Thursday, October 25, 2012
In 2007 when I started my eternally valuable stint in therapy, one of the first things I told my doctor was that I wanted to work on the trust issues I had with my boyfriend. I hated that I didn't fully trust him—and he did, too.
After all, trust is the foundation of any successful relationship. Particularly those where love and fidelity are involved.
My therapist may have seen the writing on the wall, but he served me with endless compassion and plenty of suggestions to try to improve the trust I had in my beau.
When all my fears were realized and I discovered the boyfriend was, in fact, not trustworthy, the doc and I had to embark on a new endeavor together: Getting me to trust myself.
It had never occurred to me that trusting my own judgment—my own instincts—was the most important piece of the puzzle.
I'm not talking about listening to my anxiety or the un-evolved, reptilian part of my brain that likes to broadcast defeatists tirades. I'm talking about that quiet, inner wisdom that rests inside my very core.
No matter how much (or little) we trust others, when we can learn to trust ourselves, we can relax into living, knowing that someone will always be there to take care of us, no matter what happens.
In 2007, this was a bit of a novel concept to me. I thought there was nothing I could do to protect myself against untrustworthy people. If one made his way into my inner circle, I might find myself powerless against his toxicity. I might get hurt. I might get my heart broken. And I might not know what to do about any of it.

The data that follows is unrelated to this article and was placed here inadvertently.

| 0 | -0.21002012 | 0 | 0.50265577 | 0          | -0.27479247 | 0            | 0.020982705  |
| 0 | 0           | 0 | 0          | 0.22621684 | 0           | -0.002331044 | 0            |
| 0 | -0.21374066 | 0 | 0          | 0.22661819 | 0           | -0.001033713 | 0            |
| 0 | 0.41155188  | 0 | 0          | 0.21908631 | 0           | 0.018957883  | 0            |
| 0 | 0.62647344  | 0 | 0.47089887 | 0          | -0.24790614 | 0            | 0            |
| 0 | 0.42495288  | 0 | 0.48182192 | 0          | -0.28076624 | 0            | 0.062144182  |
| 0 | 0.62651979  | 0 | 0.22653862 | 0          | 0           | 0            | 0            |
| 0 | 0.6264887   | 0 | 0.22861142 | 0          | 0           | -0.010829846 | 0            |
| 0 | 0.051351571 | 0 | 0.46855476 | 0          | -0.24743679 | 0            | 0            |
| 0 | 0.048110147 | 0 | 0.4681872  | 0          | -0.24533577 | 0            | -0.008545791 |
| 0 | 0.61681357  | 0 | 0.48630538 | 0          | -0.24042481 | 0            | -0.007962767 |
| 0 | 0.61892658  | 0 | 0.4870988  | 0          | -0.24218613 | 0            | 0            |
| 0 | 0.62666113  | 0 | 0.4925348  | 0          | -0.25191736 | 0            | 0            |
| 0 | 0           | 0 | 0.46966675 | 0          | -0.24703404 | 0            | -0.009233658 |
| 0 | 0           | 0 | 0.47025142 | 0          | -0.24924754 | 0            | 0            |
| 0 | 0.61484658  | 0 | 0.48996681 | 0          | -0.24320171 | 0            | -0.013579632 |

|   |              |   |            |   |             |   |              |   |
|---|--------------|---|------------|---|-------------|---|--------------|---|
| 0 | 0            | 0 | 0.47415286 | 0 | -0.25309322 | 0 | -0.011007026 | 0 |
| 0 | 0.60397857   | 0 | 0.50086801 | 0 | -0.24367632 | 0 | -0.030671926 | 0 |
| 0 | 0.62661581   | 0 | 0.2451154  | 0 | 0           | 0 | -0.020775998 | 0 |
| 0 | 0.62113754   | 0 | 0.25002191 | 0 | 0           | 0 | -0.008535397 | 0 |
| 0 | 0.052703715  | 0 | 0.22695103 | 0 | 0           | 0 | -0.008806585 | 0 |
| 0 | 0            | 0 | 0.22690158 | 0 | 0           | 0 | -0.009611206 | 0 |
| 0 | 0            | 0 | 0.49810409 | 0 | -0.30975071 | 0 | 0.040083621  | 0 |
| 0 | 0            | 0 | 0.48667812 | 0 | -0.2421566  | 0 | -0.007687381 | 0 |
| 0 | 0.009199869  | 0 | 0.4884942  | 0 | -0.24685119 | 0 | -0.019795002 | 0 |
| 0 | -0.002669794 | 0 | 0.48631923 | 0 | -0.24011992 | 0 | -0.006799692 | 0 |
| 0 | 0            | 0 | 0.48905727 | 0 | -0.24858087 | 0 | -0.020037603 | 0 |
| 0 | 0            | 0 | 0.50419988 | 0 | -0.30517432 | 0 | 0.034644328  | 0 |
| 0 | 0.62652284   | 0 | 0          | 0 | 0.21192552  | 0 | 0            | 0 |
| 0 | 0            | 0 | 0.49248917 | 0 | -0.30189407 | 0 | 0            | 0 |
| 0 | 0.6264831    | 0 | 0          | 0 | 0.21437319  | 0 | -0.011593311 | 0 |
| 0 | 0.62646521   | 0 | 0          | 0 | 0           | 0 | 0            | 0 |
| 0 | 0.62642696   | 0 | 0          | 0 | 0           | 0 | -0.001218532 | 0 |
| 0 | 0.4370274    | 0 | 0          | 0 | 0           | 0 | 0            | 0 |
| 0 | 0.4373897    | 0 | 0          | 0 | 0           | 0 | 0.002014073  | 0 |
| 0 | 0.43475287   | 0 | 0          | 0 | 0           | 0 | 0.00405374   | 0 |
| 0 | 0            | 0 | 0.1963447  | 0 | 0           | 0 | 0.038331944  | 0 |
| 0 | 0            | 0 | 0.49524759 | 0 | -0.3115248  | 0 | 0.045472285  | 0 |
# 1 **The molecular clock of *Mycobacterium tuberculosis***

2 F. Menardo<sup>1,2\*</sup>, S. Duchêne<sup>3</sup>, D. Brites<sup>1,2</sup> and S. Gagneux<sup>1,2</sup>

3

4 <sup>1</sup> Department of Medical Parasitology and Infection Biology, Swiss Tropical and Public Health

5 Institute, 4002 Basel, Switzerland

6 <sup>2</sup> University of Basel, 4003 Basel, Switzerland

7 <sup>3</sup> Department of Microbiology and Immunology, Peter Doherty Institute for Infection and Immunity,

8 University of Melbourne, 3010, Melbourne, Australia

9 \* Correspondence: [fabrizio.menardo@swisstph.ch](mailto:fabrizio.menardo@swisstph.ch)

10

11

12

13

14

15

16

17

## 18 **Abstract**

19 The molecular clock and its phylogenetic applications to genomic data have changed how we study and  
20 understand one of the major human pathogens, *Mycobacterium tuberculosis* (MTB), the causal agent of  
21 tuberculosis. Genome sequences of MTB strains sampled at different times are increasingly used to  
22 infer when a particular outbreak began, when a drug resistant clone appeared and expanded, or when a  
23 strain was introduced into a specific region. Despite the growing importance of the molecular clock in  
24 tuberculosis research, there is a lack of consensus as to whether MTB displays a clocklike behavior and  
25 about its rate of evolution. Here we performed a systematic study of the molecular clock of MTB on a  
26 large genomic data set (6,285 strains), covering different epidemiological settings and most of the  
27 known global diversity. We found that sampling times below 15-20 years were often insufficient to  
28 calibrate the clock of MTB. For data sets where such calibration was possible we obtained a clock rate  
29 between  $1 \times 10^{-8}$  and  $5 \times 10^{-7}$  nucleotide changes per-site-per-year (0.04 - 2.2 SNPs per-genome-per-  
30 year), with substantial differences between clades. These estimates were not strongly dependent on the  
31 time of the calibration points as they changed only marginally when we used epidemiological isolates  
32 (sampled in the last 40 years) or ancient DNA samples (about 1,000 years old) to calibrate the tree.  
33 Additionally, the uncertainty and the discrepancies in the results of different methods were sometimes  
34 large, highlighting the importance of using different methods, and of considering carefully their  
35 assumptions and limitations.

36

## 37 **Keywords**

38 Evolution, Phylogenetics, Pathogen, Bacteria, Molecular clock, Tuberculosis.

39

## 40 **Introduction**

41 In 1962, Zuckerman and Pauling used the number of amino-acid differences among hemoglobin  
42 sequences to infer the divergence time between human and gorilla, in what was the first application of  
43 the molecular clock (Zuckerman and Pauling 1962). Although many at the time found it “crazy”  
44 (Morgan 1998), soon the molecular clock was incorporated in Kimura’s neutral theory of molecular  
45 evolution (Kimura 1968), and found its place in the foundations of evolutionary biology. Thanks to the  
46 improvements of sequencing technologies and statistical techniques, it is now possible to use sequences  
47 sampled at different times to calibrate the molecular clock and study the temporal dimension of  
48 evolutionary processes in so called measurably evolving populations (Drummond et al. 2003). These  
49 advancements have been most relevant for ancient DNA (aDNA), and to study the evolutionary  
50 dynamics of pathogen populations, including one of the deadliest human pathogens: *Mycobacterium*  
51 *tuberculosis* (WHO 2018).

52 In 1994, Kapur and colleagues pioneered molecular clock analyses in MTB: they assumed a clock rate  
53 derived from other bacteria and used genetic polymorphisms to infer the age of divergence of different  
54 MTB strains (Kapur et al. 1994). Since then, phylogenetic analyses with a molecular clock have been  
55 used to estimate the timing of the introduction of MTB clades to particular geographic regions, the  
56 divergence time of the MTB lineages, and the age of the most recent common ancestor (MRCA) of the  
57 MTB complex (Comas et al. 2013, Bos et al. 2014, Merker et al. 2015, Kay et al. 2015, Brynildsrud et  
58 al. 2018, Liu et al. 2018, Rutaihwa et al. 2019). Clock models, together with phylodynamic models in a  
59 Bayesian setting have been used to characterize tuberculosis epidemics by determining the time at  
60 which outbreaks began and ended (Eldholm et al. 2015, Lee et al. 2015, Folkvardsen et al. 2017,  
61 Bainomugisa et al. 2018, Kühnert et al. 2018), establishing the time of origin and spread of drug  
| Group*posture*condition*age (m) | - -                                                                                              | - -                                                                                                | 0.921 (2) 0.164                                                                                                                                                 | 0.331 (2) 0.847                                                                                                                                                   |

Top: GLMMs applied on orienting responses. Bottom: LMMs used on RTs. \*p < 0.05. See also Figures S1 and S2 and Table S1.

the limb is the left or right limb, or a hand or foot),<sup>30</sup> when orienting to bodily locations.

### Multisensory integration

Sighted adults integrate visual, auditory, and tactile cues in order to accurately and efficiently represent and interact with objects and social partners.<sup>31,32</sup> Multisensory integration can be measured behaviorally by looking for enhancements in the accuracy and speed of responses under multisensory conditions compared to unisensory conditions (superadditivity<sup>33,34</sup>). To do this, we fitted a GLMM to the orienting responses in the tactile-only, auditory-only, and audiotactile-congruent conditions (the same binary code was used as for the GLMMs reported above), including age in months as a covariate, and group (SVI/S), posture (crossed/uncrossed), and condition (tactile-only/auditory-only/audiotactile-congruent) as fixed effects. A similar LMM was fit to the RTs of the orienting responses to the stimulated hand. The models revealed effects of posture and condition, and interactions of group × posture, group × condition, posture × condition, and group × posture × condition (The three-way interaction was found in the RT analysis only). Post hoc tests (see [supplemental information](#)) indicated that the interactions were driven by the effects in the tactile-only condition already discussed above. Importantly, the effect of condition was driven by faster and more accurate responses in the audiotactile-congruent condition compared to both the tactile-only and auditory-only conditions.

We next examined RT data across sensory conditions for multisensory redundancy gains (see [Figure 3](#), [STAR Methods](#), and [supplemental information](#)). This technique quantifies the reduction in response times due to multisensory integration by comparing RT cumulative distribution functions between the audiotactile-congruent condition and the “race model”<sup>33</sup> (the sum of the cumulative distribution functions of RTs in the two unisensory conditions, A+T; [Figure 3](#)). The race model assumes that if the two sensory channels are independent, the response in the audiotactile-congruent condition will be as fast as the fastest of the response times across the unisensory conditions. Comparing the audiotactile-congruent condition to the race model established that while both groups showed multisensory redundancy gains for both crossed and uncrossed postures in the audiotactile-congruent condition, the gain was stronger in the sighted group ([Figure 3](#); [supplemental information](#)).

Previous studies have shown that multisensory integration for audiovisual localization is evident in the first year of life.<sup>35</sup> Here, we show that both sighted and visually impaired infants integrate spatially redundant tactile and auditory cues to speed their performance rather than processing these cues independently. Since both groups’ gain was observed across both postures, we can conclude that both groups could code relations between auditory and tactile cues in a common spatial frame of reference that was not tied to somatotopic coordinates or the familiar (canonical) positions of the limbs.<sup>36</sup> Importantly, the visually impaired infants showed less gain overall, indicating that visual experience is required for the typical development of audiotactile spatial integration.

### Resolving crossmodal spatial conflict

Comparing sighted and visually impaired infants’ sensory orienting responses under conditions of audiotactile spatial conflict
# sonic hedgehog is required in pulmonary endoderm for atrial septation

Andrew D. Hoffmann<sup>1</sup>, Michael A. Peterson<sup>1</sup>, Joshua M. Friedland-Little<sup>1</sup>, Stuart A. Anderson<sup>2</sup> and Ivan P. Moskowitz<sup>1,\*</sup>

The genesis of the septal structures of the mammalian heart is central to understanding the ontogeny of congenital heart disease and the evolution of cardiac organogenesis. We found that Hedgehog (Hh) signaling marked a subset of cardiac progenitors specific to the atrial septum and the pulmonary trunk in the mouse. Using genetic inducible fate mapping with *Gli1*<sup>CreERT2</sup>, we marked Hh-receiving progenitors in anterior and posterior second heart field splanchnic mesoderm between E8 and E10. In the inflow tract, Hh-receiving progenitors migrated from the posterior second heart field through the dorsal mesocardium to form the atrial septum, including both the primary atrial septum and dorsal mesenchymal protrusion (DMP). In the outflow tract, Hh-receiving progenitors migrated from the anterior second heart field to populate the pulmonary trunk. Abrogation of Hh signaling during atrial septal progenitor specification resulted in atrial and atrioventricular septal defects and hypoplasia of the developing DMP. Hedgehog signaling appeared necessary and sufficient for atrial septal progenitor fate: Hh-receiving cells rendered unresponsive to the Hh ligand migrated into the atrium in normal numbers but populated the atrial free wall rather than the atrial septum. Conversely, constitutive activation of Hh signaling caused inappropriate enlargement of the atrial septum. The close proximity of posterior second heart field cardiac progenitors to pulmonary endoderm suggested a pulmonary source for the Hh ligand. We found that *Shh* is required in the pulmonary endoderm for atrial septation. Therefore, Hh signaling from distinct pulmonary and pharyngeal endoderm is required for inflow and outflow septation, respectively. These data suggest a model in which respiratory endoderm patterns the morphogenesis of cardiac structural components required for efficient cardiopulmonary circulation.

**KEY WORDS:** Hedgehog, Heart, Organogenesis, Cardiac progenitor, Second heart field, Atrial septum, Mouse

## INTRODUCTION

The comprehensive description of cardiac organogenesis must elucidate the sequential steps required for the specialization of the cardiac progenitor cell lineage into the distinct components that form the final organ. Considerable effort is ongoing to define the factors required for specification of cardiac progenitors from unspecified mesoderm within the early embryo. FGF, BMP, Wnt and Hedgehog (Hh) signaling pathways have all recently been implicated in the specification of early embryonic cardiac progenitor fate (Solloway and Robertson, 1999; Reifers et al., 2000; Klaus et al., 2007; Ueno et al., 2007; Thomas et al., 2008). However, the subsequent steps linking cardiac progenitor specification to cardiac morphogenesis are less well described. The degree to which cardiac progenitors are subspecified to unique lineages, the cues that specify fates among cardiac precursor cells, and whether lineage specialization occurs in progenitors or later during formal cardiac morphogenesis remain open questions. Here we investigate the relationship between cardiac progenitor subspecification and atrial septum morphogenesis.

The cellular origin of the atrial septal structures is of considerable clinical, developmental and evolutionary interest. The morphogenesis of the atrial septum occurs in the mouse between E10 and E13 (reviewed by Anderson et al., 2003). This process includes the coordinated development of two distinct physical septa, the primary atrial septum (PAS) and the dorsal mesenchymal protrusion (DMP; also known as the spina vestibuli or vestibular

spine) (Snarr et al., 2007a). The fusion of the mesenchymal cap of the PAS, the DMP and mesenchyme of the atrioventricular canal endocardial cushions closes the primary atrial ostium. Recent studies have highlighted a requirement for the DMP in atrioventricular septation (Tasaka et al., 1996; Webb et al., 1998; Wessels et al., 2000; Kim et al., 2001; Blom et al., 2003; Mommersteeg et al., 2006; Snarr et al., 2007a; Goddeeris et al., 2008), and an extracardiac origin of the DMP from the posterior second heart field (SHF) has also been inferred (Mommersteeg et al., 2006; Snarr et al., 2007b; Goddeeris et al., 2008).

Learning to trust myself was like suiting up in armor and shedding it at the same time. I could let go of defenses like cynicism and sarcasm because my best defense would always be intact. I could count on myself to size up people and situations—move away from the ones that elicited the ick factor—and find ways to deal with unexpected changes, while staying true to who I really was.
I hope that I'll never have to take a dip in the dating pool again (because I very much adore my Mr. Wonderful). But if I ever do, I'll be eternally comforted by the trust I have in myself.
I think a girl's own gut is the best wing-woman she can ever have.
Monday, October 15, 2012
At a recent event in Phoenix, I had a great conversation with a friend about fear of flying. She had flown to the conference we were attending, but had been really anxious about it in the weeks leading up to her departure. As she described her anxiety over the situation, she shared a story that acted as a big turning point for her in making peace with the idea of getting into a plane.
One night, she had come out of a class to find herself at the edge of a nasty storm—which was directly over the path she had to take to get home. Barely able to see the road in front of her, she had to inch along the highway, bit by bit until she could get out of the thick of it. She said she caught herself thinking, "I would much rather fly than be stuck in this mess ever again!"
Her story was a great example of how everything is relative and our perspectives can shift in an instant, but what struck me even more was how she described getting through the storm.
If you're caught in the middle of a storm, all you can do is keep moving slowly through it.
This is true under the veil of thunder and lightning, but isn't it also true when you're going through a big scary transition? Or when you get upsetting news about your health or the health of someone you love? If you stop moving, you may have to wait a heck of a long time before you reach the end of the storm. But if you speed through, or try to ignore that it's happening, you could put yourself in massive danger of getting hurt.